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Letting Down the Caucasus

I am in Azerbaijan–a country that shares borders with both Russia and Georgia–for the week, and this morning I was lucky enough to meet with Deputy Foreign Minister Hafiz Pashayev. Mr. Pashayev was unequivocal about two related points concerning the U.S.’s response to the recent Russian aggression.

First, the President’s initial statement condemning the action was too weakly worded and the stronger statement was too slow in coming. Azeris refer to January 1990 as “Black January.” That’s when Soviet forces rolled through the capital city of Baku, killing hundreds of anti-communist protesters and others. Mr. Pashayev made it clear that the legacy of Black January still lives in the minds of Azeris. The attacks in Georgia reinforce what many in the Caucasus already know: Russia’s neighbors enjoy a fragile brand of freedom. He thinks a quick, unequivocal and muscular renunciation of the Putin-Medvedev invasion might have gone a long way. What do you know? The president whose cowboy rhetoric is often characterized as alienating to other democracies and provocative towards the Muslim world has let down a struggling Muslim democracy by failing to come through with the tough talk.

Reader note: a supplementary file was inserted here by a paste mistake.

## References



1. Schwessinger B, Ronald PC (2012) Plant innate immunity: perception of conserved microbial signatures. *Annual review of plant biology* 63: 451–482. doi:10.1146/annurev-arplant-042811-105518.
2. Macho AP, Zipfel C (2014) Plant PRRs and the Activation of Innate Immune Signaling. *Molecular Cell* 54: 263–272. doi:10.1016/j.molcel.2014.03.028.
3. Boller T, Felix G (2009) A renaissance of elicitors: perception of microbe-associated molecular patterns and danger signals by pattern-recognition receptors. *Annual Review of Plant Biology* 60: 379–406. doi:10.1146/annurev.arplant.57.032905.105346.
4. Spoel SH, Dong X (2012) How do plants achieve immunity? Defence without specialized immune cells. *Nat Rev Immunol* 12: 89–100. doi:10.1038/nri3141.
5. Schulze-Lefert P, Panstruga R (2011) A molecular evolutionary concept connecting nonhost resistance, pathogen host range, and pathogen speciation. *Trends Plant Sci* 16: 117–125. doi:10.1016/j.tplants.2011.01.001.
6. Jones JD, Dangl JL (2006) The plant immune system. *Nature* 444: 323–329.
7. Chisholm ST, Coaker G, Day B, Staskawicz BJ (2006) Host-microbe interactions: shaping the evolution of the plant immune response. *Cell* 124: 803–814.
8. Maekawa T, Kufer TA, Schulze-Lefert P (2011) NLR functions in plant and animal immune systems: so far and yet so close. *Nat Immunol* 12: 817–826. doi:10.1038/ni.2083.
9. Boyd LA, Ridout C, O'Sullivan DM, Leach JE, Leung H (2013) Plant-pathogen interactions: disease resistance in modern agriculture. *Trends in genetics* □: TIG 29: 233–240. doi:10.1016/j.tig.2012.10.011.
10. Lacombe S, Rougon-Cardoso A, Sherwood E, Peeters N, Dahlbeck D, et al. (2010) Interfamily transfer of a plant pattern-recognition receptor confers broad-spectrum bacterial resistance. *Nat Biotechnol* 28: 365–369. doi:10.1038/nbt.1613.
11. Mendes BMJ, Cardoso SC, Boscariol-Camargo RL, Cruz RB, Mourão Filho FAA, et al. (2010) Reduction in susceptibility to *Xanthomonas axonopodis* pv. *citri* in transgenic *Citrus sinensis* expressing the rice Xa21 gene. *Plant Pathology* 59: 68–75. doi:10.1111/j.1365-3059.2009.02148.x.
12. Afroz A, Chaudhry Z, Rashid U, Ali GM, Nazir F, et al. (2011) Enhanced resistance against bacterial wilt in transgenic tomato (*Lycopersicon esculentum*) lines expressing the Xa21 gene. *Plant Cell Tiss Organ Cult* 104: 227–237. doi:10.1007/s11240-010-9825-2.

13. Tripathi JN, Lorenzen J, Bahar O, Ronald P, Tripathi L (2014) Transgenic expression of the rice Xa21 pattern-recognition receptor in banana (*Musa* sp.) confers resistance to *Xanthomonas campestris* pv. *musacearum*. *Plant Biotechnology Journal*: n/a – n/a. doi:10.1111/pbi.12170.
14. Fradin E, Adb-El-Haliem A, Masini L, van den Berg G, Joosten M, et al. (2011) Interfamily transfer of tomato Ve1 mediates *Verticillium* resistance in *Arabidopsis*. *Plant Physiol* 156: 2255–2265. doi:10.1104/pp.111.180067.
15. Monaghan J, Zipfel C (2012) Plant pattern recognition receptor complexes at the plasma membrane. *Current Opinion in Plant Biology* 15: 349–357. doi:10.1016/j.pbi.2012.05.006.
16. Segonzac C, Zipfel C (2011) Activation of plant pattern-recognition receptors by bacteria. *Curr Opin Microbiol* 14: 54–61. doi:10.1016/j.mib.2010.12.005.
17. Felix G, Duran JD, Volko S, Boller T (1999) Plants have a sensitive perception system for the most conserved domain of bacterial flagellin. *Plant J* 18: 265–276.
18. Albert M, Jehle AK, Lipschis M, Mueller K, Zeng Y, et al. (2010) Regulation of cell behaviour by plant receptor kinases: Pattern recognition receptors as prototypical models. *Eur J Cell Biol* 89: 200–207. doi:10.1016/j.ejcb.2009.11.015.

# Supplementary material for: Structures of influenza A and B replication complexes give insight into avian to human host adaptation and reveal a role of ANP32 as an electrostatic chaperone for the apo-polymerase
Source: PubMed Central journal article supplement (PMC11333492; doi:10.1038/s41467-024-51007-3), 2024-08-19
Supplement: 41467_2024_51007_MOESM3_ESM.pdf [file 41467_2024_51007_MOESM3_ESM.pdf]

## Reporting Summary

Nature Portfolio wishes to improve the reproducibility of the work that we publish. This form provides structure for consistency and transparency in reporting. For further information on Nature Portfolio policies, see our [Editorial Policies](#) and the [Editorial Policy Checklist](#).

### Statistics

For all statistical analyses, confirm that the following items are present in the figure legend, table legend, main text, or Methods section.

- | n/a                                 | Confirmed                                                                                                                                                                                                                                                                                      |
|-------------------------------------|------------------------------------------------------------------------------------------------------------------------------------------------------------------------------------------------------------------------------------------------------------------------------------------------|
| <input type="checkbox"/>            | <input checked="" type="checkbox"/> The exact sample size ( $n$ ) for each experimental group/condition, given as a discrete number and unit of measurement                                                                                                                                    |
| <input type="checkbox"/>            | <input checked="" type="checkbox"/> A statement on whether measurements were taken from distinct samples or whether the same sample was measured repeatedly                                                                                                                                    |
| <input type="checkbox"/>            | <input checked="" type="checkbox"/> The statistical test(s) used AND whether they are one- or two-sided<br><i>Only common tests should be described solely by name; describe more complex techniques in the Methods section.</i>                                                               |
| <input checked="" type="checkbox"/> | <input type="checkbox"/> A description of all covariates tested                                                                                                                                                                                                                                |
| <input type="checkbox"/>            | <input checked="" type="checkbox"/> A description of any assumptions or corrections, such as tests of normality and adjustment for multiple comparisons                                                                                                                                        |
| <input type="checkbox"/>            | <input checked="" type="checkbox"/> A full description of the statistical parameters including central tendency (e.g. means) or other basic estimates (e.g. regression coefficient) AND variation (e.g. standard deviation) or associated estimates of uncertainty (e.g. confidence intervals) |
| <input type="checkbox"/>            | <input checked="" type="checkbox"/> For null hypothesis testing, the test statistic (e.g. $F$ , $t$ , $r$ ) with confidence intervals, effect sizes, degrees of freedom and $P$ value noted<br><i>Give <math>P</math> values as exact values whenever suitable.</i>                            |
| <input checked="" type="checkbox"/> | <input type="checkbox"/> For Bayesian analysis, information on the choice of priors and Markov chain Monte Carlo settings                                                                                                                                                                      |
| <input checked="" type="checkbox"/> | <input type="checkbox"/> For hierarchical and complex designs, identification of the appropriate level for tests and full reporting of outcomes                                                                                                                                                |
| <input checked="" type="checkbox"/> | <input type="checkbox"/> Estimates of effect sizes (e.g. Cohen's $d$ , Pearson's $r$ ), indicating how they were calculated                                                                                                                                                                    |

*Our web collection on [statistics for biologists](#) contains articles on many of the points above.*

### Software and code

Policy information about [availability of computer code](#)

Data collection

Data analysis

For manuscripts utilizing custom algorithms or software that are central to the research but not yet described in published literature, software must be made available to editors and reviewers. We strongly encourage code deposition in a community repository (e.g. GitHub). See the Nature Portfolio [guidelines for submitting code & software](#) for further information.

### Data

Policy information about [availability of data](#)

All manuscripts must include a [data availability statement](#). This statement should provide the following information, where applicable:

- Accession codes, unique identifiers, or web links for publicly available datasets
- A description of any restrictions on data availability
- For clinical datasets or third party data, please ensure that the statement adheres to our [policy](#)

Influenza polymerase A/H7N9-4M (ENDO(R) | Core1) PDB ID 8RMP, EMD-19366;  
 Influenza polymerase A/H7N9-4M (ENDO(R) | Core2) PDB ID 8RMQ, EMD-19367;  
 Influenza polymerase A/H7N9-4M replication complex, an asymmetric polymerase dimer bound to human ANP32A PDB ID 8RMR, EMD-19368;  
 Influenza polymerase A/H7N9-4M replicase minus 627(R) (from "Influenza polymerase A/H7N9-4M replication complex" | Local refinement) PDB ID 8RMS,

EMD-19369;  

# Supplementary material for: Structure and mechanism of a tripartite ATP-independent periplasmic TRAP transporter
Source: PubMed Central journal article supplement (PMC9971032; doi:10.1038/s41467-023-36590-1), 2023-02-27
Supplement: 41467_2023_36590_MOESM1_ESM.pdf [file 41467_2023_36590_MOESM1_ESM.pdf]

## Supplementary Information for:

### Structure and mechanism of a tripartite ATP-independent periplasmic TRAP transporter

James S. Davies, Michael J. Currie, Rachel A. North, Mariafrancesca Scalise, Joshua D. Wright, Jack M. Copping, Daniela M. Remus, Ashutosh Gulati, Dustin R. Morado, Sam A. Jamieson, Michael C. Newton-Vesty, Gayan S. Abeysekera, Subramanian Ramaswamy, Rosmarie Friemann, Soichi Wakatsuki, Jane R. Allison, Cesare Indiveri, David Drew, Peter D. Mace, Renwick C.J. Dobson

Second, of the two U.S. presidential candidates John McCain made a statement more in keeping with what Azeris (and presumably Georgians) want to hear from America. In Mr. Pashayev’s words, McCain’s statement was “strong and to the point,” while Barack Obama’s was too “careful.” (I don’t care how many cover stories are written about the international adoration enjoyed by Barack Obama.) When the tanks roll in and the bodies start piling up, the rest of the world is not looking for an American statesman who speaks beautifully of world citizenship. They want a U.S. President who makes it clear that human rights and the sovereignty of democracies are ideals America is not afraid to defend.


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